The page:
City in rush to throw money at Microsoft
Evanston city staff will ask aldermen Monday to approve spending nearly $200,000 over the next three years for Microsoft Windows and Microsoft Office computer software.
The memo from Business Performance & Technology Division Manager Bruce Slown recommending the purchase calls the software tools from Microsoft "an essential part of almost every function performed by City staff."
But the memo fails to address the growing viability of the open source software movement, which allows governments, businesses and individuals to break free from the monopolistic grip of Microsoft and get the same software functionality for free.
Just last month the European Union's competition commissioner, Neelie Kroes, recommended that businesses and governments use software based on open standards.
In a New York Times article, Kroes was quoted as saying, "I know a smart business decision when I see one -- choosing open standards is a very smart business decision indeed."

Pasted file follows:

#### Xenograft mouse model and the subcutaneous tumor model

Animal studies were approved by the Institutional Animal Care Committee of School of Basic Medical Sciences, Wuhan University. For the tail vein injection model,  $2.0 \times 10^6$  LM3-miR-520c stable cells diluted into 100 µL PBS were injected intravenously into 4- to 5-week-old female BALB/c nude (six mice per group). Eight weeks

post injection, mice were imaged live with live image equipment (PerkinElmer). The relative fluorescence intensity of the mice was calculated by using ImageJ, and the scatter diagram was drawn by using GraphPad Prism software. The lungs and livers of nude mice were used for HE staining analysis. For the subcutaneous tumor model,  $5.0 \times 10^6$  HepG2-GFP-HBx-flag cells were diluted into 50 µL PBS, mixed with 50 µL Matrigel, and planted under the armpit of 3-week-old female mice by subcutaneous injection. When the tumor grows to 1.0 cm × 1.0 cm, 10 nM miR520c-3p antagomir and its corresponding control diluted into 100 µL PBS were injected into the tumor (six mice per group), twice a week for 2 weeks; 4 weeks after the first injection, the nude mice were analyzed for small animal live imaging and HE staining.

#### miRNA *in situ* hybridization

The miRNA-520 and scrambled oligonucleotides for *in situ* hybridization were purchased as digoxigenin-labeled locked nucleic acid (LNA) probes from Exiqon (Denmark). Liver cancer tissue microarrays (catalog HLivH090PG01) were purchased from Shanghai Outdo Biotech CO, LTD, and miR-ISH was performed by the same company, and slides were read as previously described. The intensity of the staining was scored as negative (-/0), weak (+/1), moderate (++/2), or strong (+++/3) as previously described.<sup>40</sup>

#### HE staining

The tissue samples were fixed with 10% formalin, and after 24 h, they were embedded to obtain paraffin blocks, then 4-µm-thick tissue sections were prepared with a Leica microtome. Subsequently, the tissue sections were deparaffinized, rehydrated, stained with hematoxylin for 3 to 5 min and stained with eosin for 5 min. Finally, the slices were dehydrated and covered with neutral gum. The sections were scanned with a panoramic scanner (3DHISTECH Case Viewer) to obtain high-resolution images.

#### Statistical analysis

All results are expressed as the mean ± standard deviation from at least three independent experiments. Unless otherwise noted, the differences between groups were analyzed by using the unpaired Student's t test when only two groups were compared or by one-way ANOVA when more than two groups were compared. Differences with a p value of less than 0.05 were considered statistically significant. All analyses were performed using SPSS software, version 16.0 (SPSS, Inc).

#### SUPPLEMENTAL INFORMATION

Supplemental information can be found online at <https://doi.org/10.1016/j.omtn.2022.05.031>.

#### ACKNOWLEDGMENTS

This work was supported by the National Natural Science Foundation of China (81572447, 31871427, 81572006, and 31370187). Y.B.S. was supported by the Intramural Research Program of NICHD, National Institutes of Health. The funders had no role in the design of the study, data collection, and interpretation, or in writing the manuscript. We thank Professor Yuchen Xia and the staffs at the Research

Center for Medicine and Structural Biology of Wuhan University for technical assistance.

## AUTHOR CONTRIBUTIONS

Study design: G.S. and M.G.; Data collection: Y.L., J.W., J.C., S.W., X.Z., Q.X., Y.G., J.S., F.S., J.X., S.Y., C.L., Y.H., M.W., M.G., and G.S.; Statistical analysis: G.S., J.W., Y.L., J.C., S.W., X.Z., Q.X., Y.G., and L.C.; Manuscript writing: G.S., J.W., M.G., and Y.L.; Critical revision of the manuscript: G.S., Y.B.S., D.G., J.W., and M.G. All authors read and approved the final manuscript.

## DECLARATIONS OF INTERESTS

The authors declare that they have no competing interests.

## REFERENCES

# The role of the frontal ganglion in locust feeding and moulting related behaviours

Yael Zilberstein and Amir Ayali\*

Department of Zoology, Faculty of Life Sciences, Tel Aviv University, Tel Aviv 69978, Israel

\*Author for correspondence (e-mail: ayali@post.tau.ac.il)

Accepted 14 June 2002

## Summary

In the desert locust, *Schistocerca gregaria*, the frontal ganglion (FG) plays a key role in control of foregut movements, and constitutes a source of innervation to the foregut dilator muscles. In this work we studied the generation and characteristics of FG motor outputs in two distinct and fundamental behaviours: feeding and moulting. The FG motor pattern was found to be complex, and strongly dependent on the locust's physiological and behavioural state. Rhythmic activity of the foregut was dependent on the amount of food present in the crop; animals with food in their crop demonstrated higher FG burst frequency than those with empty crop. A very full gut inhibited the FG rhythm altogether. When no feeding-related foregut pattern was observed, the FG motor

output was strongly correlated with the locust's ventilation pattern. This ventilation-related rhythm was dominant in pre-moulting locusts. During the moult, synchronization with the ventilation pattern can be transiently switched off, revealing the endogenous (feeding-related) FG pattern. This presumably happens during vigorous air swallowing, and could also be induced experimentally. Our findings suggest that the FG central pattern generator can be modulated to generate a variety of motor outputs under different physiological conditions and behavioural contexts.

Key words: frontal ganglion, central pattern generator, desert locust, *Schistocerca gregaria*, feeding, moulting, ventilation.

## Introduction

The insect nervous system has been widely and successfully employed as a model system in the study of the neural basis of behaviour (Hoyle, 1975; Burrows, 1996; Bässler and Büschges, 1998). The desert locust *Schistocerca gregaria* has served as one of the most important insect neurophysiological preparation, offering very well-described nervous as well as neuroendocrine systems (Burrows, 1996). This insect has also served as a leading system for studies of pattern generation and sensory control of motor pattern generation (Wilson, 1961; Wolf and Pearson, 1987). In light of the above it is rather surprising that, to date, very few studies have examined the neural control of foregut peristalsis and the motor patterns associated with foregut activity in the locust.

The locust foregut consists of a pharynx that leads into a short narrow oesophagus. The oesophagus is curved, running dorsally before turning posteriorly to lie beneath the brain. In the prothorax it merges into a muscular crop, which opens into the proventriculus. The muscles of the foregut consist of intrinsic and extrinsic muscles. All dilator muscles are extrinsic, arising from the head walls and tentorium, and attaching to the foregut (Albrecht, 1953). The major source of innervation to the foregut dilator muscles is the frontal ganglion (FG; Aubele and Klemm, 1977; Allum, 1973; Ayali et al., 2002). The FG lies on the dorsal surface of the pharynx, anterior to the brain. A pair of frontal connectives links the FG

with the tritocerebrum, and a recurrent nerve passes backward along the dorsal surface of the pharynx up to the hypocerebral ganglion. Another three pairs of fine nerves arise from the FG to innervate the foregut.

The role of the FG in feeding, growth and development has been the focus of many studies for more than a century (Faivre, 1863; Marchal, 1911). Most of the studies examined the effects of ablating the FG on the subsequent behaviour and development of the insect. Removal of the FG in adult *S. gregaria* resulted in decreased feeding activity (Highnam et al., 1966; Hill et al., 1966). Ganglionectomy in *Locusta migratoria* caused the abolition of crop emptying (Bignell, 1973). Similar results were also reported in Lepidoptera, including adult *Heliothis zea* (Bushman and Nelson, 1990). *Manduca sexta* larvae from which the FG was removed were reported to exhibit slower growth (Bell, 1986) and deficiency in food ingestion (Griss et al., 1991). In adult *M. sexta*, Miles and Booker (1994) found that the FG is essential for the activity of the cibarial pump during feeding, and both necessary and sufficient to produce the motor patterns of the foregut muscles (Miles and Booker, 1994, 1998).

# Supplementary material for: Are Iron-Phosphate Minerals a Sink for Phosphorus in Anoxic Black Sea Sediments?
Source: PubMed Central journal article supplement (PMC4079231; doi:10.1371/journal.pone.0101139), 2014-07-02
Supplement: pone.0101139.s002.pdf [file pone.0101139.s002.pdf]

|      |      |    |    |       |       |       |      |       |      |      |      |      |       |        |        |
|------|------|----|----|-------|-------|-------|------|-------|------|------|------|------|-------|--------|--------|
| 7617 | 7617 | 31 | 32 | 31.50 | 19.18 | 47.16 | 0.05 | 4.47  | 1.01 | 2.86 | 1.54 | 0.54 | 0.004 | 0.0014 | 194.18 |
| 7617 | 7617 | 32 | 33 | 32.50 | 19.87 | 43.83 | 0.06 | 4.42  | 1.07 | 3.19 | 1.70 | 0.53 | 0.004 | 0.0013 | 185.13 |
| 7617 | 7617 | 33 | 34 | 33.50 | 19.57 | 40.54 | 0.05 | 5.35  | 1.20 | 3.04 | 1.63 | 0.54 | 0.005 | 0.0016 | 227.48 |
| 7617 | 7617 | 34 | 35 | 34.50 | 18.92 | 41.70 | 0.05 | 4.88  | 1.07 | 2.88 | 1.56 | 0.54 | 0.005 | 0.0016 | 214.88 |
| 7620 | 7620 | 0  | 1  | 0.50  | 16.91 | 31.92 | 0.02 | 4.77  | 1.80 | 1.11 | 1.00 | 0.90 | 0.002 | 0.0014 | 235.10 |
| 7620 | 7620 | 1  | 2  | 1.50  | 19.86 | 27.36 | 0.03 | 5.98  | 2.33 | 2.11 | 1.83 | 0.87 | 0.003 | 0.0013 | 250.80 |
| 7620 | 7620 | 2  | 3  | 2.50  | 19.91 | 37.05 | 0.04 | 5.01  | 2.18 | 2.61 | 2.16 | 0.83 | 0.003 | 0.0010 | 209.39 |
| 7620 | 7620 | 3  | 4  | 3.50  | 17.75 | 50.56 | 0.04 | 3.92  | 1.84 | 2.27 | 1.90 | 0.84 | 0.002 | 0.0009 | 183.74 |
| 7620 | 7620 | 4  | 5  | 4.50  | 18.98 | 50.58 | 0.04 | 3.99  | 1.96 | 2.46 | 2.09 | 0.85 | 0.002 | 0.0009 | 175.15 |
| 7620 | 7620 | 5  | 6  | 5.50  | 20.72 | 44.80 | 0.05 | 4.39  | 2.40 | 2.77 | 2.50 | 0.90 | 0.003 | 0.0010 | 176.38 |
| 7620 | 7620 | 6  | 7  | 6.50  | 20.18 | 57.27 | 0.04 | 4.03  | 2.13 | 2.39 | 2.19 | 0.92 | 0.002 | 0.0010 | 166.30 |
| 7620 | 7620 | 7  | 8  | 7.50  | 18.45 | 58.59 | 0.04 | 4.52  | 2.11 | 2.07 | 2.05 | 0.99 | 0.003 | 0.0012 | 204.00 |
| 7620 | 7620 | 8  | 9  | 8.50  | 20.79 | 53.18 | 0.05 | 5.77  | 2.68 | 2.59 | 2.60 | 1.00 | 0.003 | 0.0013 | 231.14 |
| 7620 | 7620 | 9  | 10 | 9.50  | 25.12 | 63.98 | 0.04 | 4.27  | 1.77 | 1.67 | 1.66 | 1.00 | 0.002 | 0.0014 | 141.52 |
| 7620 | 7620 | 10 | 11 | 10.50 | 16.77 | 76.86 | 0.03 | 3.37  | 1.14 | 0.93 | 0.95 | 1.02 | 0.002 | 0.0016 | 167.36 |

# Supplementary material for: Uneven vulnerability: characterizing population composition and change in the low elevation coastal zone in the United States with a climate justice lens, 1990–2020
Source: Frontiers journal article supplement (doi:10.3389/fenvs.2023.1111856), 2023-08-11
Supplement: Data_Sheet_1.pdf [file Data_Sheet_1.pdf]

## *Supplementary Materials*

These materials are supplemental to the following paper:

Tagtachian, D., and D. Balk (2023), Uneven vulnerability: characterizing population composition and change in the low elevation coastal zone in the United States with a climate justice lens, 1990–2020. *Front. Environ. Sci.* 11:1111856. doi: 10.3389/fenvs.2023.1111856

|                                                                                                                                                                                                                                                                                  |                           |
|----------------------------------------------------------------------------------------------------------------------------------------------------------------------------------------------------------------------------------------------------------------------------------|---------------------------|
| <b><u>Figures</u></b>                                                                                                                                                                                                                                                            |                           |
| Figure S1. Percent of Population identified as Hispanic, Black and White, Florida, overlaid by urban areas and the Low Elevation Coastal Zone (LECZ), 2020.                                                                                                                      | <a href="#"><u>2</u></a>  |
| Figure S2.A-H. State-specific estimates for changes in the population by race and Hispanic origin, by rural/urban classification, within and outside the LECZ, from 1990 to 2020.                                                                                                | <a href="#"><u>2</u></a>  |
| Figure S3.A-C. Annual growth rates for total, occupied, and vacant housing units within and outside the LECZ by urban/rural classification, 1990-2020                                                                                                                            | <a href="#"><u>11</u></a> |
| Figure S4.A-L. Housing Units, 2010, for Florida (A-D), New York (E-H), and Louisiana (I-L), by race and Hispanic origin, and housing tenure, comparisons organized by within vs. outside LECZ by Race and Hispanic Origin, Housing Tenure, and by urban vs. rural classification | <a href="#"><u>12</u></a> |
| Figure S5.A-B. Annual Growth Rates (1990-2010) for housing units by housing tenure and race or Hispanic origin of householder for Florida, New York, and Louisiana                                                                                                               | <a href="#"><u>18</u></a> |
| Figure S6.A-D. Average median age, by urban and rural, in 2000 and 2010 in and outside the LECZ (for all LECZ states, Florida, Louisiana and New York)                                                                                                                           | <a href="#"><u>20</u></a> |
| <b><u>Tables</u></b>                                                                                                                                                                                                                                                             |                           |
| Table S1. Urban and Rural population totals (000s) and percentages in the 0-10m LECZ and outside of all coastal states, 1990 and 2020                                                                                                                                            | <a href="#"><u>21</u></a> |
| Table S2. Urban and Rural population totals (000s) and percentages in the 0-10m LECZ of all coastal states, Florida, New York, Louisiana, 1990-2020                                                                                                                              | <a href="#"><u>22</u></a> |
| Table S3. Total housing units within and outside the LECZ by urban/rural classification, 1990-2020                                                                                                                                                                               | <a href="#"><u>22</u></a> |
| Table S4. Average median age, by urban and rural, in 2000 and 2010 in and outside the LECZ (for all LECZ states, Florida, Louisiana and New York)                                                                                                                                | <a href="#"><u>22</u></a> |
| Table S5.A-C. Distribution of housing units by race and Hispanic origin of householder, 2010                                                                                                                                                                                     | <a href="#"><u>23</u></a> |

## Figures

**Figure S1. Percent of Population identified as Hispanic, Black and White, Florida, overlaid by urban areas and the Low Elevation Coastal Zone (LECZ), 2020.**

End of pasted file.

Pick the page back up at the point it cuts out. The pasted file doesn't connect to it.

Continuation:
As someone who has used the free Open Office software suite alternative to Microsoft Office for a couple of years now, I'm convinced that it is a fully viable alternative for everyday users of desktop software.
When it comes to using Linux, the open source alternative to the Microsoft Windows operating system on a desktop machine, I have no personal experience, and I'm inclined to accept the view of Wall Street Journal technology columnist Walt Mossberg, who wrote nearly a year ago that while Linux is getting easier to use, its still "not for everyone."
So perhaps the answer is for the city staff to find out what it would cost to just license Windows, and skip the Office applications.
And if Open Office doesn't seem to fill the bill, the city should take a close look at cloud computing -- as represented by Google Docs, which lets users access word processing, spreadsheet and presentation software through their web browser -- again, for free.
As has been the case far too often recently, the council is receiving this Microsoft contract proposal after the old license expired, and with a 30-day extension just days away from running out.
But that's no reason to rush through an expenditure that could be reduced in a time of fiscal austerity.